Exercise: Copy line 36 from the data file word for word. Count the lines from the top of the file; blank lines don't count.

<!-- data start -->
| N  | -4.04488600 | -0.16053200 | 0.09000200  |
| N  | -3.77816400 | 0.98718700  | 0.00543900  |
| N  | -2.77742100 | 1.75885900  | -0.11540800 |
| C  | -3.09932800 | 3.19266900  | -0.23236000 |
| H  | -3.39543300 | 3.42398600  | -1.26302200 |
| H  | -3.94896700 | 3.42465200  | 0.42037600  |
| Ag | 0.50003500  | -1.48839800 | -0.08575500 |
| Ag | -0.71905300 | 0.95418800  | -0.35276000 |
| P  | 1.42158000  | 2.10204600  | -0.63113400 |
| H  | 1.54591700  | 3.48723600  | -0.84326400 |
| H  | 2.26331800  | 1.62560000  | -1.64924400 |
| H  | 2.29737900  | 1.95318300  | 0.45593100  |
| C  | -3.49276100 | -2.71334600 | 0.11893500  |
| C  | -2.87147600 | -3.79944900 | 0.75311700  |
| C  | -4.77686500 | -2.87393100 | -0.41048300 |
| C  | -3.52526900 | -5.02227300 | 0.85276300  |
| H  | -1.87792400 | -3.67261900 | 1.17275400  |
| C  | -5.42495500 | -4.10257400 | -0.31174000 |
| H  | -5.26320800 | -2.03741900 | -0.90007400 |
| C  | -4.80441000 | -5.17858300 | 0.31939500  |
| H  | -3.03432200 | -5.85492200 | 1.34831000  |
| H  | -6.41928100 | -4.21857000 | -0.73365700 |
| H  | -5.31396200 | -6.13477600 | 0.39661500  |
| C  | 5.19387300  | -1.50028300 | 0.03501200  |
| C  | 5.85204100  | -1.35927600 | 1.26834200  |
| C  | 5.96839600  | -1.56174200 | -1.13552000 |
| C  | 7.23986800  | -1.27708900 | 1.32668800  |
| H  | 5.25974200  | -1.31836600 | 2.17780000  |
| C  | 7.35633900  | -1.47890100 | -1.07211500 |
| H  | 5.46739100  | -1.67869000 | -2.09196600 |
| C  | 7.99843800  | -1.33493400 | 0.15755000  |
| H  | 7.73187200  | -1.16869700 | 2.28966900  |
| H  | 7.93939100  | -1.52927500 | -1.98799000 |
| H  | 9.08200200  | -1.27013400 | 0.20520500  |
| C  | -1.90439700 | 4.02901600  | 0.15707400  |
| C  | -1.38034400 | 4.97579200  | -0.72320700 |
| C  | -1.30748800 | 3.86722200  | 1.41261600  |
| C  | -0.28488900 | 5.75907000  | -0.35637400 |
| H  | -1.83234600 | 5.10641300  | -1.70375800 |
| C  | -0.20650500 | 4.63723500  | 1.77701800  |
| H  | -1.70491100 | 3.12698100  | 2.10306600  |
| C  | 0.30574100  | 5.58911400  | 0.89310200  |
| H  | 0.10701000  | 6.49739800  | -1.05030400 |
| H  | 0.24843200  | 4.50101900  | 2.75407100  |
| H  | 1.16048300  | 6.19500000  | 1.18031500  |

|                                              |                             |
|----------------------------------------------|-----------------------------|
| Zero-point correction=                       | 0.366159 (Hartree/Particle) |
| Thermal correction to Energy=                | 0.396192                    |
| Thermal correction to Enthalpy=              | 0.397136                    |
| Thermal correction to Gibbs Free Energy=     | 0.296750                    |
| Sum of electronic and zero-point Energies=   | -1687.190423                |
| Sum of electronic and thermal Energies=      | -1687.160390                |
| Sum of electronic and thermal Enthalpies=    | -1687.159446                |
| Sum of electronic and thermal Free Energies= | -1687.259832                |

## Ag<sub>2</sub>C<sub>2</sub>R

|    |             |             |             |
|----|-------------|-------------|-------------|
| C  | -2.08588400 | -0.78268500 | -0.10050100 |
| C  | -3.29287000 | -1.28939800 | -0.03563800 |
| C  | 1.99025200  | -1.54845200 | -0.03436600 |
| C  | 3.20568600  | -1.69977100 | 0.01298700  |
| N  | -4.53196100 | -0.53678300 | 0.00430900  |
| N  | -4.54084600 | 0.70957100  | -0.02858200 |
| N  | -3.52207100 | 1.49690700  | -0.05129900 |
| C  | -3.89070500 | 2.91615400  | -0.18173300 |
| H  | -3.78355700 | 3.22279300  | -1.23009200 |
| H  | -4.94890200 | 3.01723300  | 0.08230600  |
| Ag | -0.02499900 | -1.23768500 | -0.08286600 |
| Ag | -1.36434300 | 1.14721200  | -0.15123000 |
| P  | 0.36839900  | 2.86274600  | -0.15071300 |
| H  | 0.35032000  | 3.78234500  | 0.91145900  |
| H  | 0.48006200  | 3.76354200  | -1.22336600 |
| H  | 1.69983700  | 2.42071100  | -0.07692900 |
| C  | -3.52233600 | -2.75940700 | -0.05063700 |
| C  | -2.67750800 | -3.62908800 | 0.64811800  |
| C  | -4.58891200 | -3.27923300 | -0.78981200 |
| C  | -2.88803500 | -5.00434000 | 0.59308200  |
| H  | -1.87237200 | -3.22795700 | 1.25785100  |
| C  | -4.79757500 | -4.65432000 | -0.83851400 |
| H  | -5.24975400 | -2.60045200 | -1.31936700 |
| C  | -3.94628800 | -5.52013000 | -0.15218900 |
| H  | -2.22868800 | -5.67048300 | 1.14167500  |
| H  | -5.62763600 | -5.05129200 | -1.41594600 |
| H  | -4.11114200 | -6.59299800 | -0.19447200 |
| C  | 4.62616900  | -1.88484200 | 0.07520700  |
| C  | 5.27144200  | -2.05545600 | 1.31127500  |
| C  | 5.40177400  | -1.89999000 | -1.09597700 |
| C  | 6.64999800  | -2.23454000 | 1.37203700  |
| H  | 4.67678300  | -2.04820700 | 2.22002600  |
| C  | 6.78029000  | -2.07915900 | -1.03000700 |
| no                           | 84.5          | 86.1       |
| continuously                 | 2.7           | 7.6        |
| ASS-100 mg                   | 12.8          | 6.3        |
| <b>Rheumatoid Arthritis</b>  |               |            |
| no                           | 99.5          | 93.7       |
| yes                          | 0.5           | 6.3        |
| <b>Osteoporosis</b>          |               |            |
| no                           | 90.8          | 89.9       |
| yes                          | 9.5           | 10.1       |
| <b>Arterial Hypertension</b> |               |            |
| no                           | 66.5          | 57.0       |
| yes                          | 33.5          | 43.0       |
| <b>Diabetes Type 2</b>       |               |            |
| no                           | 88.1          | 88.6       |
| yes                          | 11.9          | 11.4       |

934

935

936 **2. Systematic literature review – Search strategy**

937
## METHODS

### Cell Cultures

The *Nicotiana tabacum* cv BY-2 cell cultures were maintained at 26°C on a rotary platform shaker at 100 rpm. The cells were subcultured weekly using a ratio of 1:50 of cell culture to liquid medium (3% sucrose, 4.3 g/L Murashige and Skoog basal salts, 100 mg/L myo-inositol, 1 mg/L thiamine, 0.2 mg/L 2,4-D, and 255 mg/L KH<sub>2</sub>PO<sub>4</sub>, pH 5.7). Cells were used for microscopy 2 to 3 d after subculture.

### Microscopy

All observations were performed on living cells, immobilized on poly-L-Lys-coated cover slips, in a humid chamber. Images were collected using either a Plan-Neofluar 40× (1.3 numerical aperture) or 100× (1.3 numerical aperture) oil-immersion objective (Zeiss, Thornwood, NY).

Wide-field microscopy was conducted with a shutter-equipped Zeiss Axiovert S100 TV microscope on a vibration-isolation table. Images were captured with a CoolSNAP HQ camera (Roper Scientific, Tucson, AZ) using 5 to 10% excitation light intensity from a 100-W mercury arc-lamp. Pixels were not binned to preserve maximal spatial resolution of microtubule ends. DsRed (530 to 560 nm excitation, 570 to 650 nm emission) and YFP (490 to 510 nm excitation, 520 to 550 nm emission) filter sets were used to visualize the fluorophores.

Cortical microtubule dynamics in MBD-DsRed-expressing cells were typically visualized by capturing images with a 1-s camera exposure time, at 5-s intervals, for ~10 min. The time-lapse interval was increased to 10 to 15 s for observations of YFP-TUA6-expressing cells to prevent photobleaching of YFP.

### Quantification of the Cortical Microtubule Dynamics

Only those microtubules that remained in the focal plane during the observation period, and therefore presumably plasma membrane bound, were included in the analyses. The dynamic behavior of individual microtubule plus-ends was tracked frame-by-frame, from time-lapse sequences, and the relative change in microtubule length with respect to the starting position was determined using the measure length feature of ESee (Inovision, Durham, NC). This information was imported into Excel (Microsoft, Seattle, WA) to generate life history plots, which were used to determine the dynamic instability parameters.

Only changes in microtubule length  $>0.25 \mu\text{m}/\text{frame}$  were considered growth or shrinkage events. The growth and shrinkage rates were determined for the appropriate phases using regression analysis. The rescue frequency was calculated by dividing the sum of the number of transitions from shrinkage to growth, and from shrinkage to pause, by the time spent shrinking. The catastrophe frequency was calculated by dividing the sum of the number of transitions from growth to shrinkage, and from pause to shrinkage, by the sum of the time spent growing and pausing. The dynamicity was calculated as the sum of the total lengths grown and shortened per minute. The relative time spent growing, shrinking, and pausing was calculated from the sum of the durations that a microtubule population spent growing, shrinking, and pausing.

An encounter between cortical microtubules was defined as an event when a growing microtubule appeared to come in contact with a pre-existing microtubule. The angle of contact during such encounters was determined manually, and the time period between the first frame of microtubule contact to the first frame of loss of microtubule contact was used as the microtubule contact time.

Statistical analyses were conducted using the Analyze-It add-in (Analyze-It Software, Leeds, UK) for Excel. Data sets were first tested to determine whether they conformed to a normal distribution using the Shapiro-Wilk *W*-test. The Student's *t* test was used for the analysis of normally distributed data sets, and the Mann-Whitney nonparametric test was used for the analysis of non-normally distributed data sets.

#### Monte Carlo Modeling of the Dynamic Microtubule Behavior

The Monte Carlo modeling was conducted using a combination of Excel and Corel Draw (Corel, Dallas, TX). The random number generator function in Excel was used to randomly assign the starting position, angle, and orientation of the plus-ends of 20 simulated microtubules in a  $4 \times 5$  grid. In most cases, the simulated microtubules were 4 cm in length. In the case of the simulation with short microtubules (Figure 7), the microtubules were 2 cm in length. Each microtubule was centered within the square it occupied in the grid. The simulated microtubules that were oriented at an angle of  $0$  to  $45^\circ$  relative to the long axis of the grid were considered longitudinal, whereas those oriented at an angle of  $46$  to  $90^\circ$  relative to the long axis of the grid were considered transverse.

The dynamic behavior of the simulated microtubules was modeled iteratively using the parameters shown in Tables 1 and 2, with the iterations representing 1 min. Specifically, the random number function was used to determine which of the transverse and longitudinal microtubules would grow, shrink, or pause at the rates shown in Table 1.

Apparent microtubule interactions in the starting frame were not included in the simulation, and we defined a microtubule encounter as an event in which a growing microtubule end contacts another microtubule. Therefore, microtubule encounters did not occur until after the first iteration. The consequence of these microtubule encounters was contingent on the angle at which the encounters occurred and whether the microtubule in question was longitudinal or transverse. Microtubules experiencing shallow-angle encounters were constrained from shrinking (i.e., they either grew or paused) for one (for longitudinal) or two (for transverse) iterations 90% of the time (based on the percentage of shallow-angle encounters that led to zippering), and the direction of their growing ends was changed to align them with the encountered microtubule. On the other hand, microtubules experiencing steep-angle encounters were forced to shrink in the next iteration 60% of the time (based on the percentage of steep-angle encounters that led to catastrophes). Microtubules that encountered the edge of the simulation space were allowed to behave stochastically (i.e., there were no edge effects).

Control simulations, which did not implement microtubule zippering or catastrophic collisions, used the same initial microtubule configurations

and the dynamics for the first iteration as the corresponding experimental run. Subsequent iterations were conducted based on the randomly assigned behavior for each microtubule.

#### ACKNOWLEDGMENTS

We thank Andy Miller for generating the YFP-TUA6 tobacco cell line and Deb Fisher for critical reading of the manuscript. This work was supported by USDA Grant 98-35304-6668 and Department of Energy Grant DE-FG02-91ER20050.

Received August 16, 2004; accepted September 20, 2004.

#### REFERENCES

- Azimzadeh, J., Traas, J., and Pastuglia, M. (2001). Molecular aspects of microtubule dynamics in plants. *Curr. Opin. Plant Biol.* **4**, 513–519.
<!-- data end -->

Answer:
| C  | -1.38034400 | 4.97579200  | -0.72320700 |